Efficacy and safety of lisdexamfetamine dimesylate in adolescents with attention-deficit/hyperactivity disorder.J Am Acad Child Adolesc Psychiatry 2011; 50(4):395-405JA
To examine lisdexamfetamine dimesylate (LDX) efficacy and safety versus placebo in adolescents with attention-deficit/hyperactivity disorder (ADHD).
Adolescents (13 through 17) with at least moderately symptomatic ADHD (ADHD Rating Scale IV: Clinician Version [ADHD-RS-IV] score ≥28) were randomized to placebo or LDX (30, 50, or 70 mg/d) in a 4-week, forced-dose titration, double-blind study. Primary and secondary efficacy measures were the ADHD-RS-IV, Clinical Global Impressions-Improvement (CGI-I), and Youth QOL-Research Version (YQOL-R). Safety assessments included treatment-emergent adverse events (TEAEs), vital signs, laboratory findings, physical examinations, and ECG.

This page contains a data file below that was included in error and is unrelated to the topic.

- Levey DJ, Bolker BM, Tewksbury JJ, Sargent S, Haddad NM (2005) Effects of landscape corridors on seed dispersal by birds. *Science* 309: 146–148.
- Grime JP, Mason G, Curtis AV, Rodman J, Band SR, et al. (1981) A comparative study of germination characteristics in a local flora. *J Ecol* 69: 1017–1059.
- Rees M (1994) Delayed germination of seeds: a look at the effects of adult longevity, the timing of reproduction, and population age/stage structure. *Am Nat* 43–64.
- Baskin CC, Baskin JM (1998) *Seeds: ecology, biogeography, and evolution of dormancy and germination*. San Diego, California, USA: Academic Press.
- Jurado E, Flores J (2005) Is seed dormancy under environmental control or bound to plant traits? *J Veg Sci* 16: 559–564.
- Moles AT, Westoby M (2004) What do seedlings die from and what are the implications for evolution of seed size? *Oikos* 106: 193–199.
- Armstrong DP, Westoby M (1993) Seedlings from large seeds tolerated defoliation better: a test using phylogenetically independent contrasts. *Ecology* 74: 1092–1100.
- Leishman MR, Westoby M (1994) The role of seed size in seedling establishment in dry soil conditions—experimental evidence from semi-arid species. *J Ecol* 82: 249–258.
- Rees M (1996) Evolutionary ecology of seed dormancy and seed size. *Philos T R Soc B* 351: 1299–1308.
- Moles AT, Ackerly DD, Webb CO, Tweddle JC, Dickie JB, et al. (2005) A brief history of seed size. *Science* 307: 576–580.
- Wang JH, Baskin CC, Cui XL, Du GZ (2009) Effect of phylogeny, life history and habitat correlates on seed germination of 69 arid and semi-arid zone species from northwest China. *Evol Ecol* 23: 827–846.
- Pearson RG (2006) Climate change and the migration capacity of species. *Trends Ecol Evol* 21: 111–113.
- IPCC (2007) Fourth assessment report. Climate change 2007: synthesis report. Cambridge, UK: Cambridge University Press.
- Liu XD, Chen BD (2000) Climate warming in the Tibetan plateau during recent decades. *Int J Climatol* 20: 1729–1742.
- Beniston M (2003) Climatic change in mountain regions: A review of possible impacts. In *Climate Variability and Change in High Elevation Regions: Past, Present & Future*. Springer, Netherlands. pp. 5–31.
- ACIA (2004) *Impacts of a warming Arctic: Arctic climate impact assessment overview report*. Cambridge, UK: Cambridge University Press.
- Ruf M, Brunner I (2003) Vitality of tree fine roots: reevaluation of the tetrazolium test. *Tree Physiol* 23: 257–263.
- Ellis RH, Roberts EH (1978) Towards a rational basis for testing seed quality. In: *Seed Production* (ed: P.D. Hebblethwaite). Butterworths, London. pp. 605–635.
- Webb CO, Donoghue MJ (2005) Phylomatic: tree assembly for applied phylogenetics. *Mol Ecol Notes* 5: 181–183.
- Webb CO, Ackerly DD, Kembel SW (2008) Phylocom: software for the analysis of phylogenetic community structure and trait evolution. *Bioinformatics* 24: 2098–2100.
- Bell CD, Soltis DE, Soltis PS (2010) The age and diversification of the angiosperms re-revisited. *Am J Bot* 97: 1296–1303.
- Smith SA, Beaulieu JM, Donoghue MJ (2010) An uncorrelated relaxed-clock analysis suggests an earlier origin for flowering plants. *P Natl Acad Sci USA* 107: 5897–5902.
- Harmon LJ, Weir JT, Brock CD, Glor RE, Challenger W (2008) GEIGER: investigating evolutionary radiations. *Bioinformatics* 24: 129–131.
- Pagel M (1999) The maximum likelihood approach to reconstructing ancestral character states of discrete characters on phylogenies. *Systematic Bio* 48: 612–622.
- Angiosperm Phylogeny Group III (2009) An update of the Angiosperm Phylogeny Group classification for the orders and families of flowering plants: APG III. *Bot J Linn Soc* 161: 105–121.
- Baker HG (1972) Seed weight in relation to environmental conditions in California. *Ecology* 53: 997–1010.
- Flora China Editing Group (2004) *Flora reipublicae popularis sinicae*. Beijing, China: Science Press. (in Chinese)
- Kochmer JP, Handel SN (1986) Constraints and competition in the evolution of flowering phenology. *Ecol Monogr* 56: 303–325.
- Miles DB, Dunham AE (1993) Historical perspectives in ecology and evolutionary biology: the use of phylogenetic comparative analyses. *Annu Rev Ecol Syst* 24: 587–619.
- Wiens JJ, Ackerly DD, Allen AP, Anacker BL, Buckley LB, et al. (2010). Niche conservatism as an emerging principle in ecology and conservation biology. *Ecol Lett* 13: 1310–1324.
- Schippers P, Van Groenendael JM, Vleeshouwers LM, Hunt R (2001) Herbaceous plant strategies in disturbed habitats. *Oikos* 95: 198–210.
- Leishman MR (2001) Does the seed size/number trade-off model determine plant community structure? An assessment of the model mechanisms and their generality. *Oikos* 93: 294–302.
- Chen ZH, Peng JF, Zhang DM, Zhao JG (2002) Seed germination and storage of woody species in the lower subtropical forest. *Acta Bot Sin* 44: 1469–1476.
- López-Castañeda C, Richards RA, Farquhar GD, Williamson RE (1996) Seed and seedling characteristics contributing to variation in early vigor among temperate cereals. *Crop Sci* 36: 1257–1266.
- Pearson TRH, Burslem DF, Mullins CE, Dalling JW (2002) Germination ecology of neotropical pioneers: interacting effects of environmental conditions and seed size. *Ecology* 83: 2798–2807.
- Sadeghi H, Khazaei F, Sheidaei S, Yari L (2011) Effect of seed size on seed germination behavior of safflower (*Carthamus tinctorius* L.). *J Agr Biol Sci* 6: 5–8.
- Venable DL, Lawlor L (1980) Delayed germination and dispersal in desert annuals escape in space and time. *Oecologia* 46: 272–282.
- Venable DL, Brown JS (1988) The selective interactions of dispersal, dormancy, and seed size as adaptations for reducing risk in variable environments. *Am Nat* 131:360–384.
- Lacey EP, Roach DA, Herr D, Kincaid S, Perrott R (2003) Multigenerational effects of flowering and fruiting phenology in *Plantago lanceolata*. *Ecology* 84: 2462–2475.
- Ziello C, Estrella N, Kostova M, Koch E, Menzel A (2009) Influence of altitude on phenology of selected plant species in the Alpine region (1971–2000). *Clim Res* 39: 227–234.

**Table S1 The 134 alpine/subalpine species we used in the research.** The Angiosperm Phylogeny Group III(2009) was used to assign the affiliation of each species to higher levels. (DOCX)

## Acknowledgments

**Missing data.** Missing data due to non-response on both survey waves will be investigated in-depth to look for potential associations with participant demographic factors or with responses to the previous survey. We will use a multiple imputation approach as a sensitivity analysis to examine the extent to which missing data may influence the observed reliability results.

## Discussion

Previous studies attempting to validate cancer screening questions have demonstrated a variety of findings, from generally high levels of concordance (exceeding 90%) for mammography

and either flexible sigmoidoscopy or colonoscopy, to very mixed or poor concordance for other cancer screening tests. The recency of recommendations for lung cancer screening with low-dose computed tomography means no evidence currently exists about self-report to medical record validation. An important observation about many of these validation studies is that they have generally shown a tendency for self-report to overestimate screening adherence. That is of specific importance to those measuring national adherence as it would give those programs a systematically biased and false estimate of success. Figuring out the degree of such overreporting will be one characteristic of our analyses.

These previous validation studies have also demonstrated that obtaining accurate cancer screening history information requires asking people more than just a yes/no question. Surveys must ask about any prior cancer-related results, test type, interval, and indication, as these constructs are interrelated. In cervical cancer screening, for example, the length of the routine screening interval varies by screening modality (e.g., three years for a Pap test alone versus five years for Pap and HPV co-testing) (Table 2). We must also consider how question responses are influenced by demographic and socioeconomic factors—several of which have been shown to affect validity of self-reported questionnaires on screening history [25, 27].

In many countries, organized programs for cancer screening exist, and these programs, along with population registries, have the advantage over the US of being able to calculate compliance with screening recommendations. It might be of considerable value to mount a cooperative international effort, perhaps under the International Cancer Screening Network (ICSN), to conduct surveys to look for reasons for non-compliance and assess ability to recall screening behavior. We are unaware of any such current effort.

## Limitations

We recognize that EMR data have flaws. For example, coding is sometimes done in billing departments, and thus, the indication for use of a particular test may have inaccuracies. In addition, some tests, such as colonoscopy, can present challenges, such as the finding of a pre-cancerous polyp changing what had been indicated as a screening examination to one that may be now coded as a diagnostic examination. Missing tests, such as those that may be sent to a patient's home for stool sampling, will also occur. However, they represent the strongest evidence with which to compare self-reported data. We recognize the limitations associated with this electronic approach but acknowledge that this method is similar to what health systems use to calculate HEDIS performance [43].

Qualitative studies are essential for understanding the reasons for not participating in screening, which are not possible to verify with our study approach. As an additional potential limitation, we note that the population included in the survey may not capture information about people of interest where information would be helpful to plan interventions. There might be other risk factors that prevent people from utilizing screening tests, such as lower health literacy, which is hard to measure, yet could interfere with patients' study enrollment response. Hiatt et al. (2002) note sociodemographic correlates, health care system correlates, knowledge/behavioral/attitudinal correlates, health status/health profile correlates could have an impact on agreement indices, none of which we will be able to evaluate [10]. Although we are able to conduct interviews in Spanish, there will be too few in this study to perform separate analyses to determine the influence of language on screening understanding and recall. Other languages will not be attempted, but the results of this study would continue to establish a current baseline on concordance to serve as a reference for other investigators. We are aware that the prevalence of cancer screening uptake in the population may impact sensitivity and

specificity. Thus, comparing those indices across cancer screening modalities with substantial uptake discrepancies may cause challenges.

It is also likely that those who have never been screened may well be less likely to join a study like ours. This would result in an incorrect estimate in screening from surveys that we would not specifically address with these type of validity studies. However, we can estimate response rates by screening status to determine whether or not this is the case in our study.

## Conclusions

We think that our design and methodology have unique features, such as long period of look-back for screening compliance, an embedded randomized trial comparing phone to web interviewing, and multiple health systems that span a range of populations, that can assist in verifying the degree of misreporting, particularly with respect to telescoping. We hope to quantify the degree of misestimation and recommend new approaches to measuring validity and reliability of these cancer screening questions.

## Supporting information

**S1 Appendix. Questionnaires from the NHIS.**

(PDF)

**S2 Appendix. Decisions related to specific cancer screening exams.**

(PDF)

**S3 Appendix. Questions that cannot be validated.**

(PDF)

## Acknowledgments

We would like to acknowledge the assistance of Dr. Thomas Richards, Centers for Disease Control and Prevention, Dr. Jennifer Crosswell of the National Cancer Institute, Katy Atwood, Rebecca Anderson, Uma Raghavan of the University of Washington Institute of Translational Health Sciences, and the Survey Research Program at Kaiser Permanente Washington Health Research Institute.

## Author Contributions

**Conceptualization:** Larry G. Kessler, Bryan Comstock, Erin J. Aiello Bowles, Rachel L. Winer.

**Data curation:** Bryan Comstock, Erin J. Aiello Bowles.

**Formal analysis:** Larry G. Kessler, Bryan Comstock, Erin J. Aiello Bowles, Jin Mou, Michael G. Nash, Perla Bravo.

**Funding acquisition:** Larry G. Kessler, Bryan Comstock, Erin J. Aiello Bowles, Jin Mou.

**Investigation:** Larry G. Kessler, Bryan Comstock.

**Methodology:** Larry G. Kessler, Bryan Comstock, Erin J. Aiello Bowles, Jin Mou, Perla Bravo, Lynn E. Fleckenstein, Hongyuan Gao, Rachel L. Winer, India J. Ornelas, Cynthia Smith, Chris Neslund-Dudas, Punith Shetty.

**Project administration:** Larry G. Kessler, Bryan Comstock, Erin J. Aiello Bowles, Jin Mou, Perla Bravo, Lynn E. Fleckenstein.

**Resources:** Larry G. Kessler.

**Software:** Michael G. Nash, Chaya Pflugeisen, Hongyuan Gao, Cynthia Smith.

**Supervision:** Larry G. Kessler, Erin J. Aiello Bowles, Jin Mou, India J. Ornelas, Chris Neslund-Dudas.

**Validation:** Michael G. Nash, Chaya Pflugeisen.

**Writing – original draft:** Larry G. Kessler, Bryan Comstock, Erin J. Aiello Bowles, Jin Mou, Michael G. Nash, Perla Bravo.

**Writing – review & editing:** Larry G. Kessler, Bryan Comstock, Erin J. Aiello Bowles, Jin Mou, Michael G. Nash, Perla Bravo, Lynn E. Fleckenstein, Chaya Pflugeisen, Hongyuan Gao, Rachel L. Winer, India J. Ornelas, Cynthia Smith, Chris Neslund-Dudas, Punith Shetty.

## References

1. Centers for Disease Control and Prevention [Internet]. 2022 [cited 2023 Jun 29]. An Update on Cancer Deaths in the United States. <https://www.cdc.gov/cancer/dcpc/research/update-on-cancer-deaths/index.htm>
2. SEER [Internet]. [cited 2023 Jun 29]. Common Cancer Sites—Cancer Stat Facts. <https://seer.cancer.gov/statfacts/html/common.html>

Overall, 314 participants were randomized; 309 were in efficacy analyses and 49 withdrew (11 due to TEAEs). Least squares mean (SE) change from baseline at endpoint in ADHD-RS-IV total scores were -18.3 (1.25), -21.1 (1.28), -20.7 (1.25) for 30, 50, and 70 mg/d LDX, respectively; -12.8 (1.25) for placebo (p ≤ .0056 versus placebo for each). Differences in ADHD-RS-IV total scores favored all LDX doses versus placebo at all weeks (p ≤ .0076). On the CGI-I, 69.1% of participants were rated very much/much improved at endpoint with LDX all doses versus placebo (39.5%) (p < .0001). YQOL-R changes at endpoint scores for LDX groups versus placebo were not significant. Commonly reported LDX (all doses combined) TEAEs (≥5%) were decreased appetite, headache, insomnia, decreased weight, and irritability. Small mean increases in pulse and blood pressure and no clinically meaningful trends in ECG changes were noted with LDX.
LDX at all doses was effective versus placebo in treating adolescent ADHD and demonstrated a safety profile consistent with previous LDX studies. CLINICAL TRIALS REGISTRY INFORMATION: Efficacy and Safety of Lisdexamfetamine Dimesylate (LDX) in Adolescents With Attention-Deficit/Hyperactivity Disorder (ADHD); http://www.clinicaltrials.gov; NCT00735371.